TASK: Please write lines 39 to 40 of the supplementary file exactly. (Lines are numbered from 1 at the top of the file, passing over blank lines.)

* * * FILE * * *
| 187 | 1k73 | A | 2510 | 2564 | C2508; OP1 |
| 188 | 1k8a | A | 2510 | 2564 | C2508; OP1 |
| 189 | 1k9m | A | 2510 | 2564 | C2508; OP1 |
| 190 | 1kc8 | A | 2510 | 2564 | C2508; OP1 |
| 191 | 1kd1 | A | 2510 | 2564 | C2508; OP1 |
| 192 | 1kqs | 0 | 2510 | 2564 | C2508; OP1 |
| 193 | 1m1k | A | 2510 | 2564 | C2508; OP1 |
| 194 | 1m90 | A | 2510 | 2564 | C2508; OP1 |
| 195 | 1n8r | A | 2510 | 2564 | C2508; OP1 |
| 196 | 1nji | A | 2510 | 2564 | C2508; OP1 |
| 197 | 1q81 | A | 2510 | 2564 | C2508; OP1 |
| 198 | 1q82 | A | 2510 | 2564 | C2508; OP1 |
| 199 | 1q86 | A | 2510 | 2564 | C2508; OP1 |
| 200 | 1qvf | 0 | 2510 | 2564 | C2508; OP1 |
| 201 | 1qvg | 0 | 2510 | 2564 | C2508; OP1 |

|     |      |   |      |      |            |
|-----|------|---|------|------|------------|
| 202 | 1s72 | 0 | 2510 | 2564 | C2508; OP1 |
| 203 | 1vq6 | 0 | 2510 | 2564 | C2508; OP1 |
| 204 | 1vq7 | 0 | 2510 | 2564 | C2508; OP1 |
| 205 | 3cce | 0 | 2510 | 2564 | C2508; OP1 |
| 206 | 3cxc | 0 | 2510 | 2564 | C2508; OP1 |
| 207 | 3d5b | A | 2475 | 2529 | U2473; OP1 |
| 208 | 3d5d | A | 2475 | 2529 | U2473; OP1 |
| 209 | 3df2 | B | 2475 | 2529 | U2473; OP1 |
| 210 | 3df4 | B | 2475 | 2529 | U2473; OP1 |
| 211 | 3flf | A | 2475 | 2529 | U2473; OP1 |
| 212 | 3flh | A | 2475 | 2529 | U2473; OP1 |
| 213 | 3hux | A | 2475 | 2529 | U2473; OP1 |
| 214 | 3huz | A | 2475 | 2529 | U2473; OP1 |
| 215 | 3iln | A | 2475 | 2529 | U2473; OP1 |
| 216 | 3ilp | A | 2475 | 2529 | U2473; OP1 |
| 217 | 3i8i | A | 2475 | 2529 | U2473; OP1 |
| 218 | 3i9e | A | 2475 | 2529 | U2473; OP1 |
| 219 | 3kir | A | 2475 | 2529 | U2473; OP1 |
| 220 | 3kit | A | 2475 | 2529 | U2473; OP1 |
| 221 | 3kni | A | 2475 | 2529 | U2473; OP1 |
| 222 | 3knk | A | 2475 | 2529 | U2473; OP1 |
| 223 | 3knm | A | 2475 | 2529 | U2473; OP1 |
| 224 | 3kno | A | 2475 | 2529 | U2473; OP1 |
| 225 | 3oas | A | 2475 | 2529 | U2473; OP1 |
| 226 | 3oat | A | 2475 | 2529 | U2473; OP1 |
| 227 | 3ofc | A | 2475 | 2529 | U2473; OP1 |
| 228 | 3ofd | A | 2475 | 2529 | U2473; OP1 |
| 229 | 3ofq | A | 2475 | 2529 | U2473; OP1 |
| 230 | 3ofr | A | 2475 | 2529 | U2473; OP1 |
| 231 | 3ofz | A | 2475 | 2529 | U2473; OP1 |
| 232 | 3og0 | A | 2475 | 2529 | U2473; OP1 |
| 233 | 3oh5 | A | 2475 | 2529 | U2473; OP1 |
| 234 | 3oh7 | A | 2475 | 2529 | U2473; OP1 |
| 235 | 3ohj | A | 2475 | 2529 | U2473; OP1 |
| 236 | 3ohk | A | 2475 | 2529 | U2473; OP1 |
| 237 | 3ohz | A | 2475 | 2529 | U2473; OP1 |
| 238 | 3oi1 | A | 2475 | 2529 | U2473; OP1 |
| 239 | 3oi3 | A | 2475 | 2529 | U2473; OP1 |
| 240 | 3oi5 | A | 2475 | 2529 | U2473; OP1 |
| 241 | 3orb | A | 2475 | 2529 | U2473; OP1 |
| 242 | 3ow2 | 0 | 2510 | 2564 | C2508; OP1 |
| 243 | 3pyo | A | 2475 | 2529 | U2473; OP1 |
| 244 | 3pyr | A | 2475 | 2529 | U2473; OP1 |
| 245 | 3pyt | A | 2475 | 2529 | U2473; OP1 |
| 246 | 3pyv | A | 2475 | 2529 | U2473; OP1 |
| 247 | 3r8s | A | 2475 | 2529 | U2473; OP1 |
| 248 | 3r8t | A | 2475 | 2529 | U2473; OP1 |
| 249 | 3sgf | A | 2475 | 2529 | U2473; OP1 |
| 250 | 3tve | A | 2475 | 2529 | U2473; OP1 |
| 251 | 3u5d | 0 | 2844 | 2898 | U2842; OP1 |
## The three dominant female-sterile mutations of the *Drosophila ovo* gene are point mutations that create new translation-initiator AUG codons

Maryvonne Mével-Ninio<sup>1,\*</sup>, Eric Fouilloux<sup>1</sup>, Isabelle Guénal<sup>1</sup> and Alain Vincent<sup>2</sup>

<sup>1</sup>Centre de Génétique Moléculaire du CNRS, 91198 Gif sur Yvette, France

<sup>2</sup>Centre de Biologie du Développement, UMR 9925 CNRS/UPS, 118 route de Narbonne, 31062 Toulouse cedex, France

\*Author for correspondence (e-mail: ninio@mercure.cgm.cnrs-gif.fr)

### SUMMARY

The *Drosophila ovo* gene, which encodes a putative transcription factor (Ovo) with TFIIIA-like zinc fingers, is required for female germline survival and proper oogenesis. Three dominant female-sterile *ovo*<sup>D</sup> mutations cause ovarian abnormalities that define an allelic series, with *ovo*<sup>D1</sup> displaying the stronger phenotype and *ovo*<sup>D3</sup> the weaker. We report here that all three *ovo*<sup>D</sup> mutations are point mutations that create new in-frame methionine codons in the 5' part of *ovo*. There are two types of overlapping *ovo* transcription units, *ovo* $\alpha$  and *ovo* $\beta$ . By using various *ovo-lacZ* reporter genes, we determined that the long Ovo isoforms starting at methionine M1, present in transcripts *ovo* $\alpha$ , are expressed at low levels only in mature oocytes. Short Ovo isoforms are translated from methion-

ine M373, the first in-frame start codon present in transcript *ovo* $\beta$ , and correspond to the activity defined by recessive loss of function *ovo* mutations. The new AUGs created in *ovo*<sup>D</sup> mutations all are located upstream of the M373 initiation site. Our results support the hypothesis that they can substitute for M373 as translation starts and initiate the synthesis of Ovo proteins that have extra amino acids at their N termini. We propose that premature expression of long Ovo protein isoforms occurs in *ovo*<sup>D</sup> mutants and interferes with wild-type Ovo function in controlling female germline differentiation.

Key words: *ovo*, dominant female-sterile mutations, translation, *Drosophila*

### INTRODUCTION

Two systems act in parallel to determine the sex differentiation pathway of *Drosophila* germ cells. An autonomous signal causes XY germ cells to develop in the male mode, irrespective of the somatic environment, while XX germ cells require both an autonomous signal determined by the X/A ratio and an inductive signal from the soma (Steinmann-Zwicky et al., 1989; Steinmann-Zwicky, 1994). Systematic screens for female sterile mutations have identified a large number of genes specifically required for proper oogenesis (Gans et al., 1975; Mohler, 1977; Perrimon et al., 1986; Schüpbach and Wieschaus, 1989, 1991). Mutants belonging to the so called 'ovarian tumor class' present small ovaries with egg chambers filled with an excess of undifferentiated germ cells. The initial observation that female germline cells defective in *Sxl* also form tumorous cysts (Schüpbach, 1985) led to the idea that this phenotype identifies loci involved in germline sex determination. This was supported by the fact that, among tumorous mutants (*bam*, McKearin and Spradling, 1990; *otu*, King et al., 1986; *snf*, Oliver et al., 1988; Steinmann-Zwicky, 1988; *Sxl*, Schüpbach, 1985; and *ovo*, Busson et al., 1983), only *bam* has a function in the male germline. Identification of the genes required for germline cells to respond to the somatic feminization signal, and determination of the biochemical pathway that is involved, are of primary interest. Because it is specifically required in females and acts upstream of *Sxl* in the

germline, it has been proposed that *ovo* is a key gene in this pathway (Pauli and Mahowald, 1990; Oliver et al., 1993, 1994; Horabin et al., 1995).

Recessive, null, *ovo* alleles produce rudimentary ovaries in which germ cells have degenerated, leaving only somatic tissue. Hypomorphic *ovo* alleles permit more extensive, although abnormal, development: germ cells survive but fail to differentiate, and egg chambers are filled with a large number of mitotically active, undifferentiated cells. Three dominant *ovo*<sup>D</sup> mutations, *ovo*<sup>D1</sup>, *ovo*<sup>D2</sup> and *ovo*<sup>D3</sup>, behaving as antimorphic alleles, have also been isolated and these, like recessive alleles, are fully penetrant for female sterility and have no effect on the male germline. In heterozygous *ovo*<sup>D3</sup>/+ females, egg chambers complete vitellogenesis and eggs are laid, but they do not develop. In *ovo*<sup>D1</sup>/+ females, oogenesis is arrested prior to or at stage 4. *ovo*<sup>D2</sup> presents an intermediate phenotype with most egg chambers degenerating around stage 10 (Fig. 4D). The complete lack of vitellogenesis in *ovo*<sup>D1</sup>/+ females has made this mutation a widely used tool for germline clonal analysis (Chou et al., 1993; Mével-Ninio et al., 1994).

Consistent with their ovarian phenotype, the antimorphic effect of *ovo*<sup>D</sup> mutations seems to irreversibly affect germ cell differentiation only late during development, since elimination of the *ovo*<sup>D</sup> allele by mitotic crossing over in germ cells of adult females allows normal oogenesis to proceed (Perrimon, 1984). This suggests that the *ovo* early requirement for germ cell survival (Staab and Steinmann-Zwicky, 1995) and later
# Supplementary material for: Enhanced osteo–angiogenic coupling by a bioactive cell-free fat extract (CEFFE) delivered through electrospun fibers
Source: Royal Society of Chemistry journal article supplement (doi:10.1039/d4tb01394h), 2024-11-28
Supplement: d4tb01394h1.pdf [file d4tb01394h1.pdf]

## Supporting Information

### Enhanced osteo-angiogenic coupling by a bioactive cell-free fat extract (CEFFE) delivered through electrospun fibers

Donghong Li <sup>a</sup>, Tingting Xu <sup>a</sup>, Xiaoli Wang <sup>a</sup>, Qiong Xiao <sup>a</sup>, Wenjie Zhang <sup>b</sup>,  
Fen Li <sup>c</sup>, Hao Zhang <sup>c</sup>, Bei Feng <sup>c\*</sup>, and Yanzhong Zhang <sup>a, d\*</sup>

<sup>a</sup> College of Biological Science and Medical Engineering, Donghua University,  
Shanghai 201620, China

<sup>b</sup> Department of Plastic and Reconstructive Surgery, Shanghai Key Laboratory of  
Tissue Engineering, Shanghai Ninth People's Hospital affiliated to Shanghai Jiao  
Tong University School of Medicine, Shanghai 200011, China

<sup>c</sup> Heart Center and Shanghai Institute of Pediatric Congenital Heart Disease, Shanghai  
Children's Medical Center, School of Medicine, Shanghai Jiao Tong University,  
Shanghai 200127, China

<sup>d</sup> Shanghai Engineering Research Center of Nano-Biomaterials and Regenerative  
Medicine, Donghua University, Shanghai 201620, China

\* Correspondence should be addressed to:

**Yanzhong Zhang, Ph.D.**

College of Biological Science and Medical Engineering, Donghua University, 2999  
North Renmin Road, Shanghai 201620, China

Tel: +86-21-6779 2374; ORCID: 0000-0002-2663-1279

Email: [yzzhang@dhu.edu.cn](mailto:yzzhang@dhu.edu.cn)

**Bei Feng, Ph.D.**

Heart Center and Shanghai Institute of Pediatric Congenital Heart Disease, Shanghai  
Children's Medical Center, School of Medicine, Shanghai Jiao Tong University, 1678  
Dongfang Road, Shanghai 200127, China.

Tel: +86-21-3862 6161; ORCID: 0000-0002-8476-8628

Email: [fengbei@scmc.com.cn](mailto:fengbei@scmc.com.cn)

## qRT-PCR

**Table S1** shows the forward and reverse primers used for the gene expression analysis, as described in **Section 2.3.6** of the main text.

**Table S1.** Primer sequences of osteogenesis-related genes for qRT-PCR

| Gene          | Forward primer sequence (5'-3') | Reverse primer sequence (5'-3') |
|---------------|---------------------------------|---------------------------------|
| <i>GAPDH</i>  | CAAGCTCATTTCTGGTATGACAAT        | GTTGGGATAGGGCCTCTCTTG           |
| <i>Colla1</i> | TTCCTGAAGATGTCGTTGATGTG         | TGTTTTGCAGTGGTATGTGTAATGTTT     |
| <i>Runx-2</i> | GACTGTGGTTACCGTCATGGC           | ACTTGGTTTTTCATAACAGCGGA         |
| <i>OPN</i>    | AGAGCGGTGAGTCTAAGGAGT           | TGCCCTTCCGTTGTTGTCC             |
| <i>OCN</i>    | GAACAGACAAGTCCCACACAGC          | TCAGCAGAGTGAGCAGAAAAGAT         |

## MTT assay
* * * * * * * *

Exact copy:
| 223 | 3knm | A | 2475 | 2529 | U2473; OP1 |
| 224 | 3kno | A | 2475 | 2529 | U2473; OP1 |